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Date: 7.10.24

On April 23, 2024, the Federal Trade Commission (FTC) announced a final rule that would prohibit entering into noncompete agreements and render most existing noncompetes unenforceable. The FTC final rule prohibits entering into or enforcing a noncompete agreement unless entered into with a “senior executive” (a worker in a “policy-making” position who received a total compensation of $151,164 in the preceding year). However, the final rule does not prohibit non-disclosure agreements, training repayment agreements or non-solicitation agreements. The final rule requires employers to provide clear and conspicuous notice to workers who are subject to potentially prohibited noncompete clauses that such clauses are not legally enforceable.

However, on July 3, the US District Court for the Northern District of Texas issued a preliminary injunction that paused the implementation of the final rule. The judge found that the plaintiffs (tax preparation company Ryan LLC and the U.S. Chamber of Commerce) in Ryan LLC v. Federal Trade Commission are “substantially likely” to prevail on the merits of their challenge to the final rule.

The court found that the “text, structure, and history of the [statute creating the FTC] reveal that the FTC lacks substantive rulemaking authority” to address noncompetes. The court also noted that the final rule may be invalid under the Administrative Procedure Act (5 U.S.C. § 706(2)(A)), as the final rule is “unreasonably overbroad without a reasonable explanation” and “is based on inconsistent and flawed empirical evidence.” According to the court, the FTC failed to consider the positive benefits of noncompete agreements and disregarded a substantial body of evidence supporting noncompetes.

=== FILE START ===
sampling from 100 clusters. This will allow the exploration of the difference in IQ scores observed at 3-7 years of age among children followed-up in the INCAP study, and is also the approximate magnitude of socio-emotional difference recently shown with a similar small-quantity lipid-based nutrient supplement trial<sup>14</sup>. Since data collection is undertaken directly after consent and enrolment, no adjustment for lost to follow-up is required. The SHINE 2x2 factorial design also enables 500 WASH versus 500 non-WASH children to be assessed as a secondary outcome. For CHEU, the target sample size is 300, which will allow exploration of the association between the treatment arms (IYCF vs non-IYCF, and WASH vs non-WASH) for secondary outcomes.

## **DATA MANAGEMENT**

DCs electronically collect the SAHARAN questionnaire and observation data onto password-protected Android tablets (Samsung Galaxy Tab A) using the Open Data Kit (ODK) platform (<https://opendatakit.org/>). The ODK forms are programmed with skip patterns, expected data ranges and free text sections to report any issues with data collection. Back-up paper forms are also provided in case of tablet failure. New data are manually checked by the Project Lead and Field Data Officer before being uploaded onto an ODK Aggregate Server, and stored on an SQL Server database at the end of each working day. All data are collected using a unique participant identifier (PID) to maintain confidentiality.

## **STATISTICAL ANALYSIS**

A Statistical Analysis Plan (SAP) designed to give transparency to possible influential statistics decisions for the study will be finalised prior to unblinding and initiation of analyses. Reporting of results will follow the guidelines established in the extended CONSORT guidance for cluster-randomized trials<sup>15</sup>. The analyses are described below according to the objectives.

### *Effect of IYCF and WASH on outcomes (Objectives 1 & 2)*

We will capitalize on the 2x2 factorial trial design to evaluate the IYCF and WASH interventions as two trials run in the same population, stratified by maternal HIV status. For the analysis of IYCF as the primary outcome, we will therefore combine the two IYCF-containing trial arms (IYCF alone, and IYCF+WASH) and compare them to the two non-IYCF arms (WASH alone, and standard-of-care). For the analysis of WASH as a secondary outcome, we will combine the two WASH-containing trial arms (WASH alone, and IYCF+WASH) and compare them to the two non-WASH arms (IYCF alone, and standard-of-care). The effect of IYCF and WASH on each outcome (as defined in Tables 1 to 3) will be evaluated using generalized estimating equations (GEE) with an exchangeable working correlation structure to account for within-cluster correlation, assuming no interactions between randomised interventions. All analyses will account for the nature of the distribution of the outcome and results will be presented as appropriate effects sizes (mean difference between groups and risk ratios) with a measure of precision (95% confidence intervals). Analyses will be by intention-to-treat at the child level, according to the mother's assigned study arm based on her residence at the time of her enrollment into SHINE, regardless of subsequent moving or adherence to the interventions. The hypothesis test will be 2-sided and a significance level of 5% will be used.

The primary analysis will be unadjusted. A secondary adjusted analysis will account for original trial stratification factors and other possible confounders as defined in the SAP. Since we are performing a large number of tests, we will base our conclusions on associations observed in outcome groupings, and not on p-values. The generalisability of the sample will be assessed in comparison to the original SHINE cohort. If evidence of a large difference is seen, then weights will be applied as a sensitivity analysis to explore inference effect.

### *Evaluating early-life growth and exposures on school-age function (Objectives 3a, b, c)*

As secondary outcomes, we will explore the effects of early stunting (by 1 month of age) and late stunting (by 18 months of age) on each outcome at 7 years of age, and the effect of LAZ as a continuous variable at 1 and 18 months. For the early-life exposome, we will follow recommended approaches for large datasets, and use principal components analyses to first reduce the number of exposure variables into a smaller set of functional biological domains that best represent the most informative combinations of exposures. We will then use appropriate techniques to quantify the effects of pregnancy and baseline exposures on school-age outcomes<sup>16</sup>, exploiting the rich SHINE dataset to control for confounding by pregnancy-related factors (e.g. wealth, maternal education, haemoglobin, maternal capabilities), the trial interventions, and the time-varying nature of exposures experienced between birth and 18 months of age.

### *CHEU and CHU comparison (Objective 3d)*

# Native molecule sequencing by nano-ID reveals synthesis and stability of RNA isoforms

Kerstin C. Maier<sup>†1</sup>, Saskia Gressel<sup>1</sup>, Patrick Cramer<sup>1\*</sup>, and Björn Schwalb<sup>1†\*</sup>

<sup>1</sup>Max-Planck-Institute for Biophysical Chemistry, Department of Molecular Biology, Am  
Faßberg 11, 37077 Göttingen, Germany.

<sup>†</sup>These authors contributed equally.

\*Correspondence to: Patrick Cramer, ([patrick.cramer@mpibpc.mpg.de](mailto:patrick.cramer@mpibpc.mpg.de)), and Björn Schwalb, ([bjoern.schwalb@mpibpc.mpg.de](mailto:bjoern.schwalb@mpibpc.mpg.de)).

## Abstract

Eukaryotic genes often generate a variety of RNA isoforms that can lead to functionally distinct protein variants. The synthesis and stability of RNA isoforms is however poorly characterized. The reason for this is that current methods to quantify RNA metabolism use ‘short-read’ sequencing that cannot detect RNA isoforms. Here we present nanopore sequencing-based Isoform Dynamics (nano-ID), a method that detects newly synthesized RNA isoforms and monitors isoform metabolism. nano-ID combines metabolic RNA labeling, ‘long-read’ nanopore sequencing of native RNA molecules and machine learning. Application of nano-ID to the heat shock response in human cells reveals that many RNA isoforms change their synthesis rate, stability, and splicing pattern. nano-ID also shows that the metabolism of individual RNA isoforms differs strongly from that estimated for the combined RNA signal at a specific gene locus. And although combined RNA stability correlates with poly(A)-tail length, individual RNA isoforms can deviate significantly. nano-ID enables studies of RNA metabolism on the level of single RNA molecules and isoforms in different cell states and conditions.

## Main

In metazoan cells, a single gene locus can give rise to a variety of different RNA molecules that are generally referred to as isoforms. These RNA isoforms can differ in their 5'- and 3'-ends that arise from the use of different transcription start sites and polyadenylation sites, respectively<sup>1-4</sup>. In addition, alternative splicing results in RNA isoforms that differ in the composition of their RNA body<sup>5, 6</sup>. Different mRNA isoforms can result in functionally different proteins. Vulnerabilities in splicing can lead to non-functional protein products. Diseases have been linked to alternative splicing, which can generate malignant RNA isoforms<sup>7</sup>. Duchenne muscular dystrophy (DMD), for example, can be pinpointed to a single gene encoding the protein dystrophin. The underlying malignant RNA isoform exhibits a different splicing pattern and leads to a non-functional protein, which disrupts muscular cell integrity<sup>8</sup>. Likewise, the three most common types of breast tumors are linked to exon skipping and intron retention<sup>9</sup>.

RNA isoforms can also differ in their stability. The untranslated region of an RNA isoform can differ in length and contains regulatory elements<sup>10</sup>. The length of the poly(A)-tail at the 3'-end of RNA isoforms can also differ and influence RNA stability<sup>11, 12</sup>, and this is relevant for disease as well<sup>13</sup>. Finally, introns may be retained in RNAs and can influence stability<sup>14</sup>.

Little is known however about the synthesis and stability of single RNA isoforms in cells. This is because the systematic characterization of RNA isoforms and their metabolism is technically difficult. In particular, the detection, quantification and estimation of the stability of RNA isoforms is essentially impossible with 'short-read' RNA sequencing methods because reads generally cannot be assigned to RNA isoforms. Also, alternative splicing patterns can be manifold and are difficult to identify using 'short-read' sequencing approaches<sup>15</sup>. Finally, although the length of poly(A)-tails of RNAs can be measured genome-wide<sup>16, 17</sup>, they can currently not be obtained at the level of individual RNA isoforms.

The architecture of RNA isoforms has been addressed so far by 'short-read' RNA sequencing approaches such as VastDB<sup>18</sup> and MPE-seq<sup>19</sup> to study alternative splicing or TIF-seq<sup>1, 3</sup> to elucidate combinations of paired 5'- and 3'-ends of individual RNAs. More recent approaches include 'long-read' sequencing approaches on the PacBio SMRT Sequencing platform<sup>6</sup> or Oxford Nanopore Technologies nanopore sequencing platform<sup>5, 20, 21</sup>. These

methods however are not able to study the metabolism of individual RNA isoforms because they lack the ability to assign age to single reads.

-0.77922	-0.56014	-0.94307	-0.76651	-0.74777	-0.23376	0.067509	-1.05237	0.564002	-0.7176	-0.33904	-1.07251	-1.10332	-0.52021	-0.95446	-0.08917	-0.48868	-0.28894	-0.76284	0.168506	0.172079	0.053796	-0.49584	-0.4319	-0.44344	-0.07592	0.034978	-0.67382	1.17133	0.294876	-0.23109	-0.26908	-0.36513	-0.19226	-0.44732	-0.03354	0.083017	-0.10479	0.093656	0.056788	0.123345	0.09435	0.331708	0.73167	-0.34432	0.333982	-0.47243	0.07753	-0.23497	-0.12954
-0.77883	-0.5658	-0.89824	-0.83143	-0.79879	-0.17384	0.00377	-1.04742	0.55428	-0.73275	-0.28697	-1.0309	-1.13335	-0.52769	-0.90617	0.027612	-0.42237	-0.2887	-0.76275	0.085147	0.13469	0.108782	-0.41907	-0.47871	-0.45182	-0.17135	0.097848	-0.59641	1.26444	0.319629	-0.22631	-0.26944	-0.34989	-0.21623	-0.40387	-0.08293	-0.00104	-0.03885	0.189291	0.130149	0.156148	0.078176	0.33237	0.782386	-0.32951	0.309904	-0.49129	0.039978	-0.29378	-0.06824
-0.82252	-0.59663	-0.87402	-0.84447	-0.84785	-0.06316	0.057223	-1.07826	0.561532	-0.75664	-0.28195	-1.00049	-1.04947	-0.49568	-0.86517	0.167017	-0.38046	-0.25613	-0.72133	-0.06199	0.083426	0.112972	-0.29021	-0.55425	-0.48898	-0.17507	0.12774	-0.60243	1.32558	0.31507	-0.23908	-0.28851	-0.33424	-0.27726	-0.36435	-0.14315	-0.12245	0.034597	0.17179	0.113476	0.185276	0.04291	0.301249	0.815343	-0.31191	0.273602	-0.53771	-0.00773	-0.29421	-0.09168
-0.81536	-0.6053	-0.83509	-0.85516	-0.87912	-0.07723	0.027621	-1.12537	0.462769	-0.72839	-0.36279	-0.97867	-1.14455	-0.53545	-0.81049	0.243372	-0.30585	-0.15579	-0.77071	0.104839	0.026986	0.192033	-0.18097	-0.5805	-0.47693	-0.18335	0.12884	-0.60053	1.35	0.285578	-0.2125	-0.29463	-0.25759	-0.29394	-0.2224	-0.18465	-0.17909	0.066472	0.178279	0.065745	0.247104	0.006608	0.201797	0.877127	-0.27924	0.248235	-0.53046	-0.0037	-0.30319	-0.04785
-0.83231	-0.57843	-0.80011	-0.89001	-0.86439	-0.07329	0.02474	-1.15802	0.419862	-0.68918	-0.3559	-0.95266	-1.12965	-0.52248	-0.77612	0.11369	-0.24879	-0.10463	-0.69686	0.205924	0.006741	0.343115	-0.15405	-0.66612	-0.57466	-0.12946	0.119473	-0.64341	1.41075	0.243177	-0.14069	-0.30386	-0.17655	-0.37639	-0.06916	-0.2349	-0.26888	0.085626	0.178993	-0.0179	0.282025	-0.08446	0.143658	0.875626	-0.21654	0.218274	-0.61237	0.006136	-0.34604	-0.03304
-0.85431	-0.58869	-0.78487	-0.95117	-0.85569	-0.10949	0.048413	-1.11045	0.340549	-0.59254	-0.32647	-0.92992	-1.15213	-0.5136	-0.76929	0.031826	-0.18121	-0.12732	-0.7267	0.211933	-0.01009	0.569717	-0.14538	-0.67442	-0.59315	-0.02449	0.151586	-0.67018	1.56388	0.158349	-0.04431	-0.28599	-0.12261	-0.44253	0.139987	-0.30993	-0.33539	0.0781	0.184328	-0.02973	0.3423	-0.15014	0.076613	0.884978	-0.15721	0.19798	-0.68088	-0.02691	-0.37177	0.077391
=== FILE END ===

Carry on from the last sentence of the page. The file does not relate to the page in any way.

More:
Importantly, the ruling only applies to the two parties who filed the Texas lawsuit, and the judge declined to issue a nationwide stay of the Rule’s effective date. Because 46 states have varied statutory and common law rules addressing noncompetes, the court found that the Ryan case would not “merit nationwide relief.”

Another challenge to the FTC’s final rule is pending in the US District Court for the Eastern District of Pennsylvania. The judge in that case, ATS Tree Services, LLC v. Federal Trade Commission, will issue a ruling by July 23.  That ruling may be limited to those plaintiffs or may be nationwide in scope.

Barring an unexpected change in the Texas case, or a broader ruling in the Pennsylvania case, the final rule will take effect on September 4, 2024, for all employers who were not parties to these lawsuits.  Employers must continue to comply with applicable state requirements governing noncompetes and be prepared to implement the final rule. Employers should carefully draft new employment, confidentiality and other agreements that contain post-employment restrictions, and review similar existing agreements, to ensure compliance with the final rule and applicable state laws.

If you have questions about managing compliance with these noncompete laws or any other employment or labor issues, please contact any member of the Foster Garvey Labor, Employment & Immigration Group.

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